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Domestic Violence - changes of law through history.

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Introduction Wife beating has been condoned throughout most of history. Until the nineteenth century British Law gave husbands the right to beat their wives for what was called 'lawful correction'. This tradition was summarised by Blackstone in the late eighteenth century as follows: The husband also might give his wife moderate correction. For as he is to answer for her misbehaviour the law thought it reasonable to entrust him with this power of restraining her, by domestic chastisement in the same moderation that a man is allowed to correct hi servant or children. (Blackstone, 1996,vol1,432, cited in Pahl 1985) It was not until 1891 that the right of a husband to beat his wife was abolished. Throughout this essay I will be considering the more recent changes and challenges presented to police by the developments in the social acceptance of equality between partners and the development of a more victim orientated style of policing the domestic dispute. I will also be considering whether the current policing response is appropriate and what can be done in the future to identify and reduce domestic violence and assist victims. History of Domestic Violence Policing Prior to the 1970s violence against women in the home was generally thought of as a private matter. ...read more.


A concern of victims was if he gets arrested what will happen to the family income. What about the mortgage and other bills. It is a fact that many men are still the main wage earner in a family and should the wages be lost what will happen to the family home etc. An example of this is expressed by concerns that question the appropriateness and effectiveness of a positive arrest policy in domestic violence incidents. In particular, it is questioned as to whether arresting assailants actually reduces the violence that the victim faces. Levi (1997) points to evidence to suggest that far from reducing the violence, arrests can lead to an increase in the rate of recidivism amongst certain social groupings. Waddington (1999a) supports this with reference to Hoyle (1998) who argues that women tend to want nothing more than an immediate break from the violence and give a warning to their partners. Consequently, Hoyle (1998) suggests that making arrests could stop women from calling the police because they feel that the action they take goes too far. Recognising signs of domestic violence. The police traditionally deal with what they are called to or are informed of. ...read more.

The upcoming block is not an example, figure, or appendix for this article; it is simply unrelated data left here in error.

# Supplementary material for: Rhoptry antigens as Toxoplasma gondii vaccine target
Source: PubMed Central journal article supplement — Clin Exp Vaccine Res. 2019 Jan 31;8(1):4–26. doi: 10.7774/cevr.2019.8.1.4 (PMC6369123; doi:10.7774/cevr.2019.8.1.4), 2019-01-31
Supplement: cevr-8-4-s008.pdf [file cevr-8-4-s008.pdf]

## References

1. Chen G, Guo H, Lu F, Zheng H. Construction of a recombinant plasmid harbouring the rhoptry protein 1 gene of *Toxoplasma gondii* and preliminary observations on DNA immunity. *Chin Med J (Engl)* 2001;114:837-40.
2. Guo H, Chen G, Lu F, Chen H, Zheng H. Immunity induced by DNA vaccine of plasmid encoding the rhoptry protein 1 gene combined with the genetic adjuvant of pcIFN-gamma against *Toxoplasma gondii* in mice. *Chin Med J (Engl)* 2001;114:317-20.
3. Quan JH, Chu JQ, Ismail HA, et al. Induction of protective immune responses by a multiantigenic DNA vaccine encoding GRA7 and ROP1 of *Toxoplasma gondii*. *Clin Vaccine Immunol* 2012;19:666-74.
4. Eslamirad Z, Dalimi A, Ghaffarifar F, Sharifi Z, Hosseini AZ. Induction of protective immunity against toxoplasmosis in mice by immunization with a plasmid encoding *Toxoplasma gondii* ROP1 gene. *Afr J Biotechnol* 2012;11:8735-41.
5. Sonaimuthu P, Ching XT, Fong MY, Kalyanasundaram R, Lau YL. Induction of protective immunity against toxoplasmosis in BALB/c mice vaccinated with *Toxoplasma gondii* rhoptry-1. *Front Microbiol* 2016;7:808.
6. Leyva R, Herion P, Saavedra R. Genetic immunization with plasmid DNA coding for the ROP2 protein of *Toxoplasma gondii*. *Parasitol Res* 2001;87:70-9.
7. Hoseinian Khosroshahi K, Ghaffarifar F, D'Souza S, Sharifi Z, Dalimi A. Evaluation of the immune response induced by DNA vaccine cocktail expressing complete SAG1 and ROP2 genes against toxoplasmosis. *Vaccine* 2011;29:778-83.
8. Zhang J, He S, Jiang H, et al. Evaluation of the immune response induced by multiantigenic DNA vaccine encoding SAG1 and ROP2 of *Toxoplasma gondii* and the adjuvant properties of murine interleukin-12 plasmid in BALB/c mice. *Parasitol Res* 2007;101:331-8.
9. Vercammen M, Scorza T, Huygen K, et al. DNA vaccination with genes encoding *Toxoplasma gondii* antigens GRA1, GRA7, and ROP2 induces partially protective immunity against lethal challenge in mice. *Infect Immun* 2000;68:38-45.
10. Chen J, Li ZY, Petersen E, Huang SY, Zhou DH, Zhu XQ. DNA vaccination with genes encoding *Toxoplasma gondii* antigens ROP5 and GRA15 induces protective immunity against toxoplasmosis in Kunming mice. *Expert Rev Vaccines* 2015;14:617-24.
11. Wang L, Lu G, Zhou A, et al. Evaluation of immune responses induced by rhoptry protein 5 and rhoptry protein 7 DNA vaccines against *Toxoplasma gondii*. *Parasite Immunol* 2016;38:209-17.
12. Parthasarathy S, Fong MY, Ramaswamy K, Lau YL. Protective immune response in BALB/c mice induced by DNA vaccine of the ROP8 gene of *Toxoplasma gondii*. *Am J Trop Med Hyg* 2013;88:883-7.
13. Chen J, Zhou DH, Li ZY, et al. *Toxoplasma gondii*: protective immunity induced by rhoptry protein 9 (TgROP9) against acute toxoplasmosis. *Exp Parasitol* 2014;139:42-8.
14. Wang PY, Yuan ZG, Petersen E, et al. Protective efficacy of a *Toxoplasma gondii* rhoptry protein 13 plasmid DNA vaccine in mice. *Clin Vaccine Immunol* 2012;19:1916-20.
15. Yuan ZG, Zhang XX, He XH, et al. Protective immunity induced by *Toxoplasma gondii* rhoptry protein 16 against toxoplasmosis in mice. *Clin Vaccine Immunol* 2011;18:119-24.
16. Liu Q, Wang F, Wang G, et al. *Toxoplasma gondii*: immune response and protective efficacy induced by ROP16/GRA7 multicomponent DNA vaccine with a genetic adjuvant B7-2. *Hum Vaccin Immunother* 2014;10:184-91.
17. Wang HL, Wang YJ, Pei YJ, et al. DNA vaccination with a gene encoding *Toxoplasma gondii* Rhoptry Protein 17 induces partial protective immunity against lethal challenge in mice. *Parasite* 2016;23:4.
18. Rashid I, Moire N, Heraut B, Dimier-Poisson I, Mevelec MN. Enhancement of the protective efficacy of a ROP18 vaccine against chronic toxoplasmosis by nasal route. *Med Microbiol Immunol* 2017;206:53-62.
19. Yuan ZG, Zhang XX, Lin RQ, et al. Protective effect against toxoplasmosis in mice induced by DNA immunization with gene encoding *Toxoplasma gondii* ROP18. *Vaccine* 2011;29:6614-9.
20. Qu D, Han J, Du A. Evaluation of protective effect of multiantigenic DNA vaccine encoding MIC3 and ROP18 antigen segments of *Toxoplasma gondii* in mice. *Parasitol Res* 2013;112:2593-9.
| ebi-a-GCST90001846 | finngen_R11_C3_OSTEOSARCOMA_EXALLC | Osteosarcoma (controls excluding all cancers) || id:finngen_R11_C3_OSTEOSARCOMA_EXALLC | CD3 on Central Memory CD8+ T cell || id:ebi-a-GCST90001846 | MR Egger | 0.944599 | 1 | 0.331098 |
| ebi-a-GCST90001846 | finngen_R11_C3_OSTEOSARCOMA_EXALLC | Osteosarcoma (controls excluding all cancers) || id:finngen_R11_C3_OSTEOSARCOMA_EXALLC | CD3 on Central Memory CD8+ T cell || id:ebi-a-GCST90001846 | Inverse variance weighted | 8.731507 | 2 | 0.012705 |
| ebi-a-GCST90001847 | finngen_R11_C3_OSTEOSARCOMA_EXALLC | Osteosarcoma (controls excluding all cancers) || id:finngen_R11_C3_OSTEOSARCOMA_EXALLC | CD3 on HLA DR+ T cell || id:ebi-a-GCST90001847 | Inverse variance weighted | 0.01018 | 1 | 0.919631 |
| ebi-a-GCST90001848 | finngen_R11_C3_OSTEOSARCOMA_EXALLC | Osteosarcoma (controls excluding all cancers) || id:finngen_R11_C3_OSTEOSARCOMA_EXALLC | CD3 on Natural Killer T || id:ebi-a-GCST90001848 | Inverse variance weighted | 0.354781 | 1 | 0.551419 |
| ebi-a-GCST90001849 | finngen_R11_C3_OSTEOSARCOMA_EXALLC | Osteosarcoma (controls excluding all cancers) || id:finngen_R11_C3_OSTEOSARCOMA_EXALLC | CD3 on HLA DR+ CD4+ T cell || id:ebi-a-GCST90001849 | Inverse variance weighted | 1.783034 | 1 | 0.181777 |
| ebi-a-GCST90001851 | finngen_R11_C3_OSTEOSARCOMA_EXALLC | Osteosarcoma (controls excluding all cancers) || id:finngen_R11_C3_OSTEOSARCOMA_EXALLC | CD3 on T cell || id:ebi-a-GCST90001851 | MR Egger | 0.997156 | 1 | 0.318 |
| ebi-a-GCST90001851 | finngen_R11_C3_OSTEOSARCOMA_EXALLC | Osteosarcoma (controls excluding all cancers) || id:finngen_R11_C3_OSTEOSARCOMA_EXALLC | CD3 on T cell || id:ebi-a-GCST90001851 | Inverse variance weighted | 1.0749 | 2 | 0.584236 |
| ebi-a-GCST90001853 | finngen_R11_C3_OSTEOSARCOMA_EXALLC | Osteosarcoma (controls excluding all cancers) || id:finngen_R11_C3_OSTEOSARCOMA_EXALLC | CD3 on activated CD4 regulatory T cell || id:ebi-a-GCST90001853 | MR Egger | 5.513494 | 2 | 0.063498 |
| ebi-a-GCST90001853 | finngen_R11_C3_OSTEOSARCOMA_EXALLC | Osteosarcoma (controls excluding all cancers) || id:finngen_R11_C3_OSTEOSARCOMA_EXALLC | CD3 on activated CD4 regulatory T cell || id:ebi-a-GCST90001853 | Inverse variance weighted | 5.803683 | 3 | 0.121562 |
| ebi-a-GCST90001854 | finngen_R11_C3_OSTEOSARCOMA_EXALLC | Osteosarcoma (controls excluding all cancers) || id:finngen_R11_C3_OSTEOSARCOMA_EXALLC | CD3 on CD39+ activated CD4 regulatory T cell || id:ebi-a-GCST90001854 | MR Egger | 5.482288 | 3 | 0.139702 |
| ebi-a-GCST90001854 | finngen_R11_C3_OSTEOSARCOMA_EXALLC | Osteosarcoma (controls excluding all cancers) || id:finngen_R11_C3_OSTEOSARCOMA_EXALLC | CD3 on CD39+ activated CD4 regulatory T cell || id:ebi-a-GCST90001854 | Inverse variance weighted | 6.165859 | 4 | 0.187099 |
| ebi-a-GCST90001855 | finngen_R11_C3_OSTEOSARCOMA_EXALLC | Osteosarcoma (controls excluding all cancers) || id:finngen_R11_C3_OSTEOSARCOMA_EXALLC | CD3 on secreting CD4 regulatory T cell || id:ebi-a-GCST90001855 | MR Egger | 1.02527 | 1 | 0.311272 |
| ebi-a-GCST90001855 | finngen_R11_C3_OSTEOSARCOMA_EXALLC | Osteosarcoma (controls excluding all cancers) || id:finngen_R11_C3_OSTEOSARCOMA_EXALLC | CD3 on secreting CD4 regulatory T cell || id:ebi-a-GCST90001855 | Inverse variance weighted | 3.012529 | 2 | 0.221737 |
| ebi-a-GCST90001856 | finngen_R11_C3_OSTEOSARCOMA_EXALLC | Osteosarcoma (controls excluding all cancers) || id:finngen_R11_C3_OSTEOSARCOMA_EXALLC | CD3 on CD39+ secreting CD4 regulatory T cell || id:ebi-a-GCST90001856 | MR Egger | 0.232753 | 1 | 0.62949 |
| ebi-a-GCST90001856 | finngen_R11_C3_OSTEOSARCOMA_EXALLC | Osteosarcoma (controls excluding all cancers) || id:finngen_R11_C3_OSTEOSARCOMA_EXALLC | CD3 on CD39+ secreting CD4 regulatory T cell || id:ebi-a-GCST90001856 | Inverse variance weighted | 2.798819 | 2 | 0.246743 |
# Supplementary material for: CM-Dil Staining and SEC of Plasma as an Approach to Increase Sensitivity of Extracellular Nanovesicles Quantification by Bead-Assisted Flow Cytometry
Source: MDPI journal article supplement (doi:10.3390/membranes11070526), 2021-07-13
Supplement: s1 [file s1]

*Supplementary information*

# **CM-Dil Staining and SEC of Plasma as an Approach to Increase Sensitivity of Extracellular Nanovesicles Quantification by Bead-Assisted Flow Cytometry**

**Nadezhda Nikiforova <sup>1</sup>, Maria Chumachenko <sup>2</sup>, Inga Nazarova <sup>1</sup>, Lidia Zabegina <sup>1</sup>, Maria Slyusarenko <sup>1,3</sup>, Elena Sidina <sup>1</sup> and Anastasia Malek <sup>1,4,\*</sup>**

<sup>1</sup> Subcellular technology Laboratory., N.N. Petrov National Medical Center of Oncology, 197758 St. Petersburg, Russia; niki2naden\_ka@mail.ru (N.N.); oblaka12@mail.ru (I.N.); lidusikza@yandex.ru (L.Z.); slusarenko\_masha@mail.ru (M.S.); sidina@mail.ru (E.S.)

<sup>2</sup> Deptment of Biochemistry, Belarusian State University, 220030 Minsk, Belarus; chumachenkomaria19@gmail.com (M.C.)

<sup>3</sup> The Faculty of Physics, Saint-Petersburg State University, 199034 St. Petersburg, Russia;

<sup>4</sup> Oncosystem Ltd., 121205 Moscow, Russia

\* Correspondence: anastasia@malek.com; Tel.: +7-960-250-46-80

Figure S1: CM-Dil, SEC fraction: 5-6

As Hoyle states they may want their partner removed for a short time but do they want the family investigated in a child protection arena? Probably not. However with definitions of child cruelty including 'emotional harm or neglect' it is natural for the police to consider this in any thorough investigation. Conclusion This is a real dilemma in the policing of domestic violence, between concerns for the victim and a desire to arrest the offender. It is important to remember that the logic behind a positive arrest policy was initially based upon the interests of the victim. However it is important also to consider the views of the victim. What is the history of the offender? Is the incident leading to the arrest the peak of the behaviour and reporting to the police the start of reconciliation that would be eliminated by a charge and conviction? It could be argued that the driving force behind domestic violence policies has become societal, rather than victim, concerns (i.e. D.V. is unacceptable in itself, not because of its victims). Whatever the decision, in any case, what is certain is that a support mechanism needs to be in place to prevent recurrence of the violence to enable victims and their families to live safely. David Withers March 2003 ?? ?? ?? ?? 1 ...read more.

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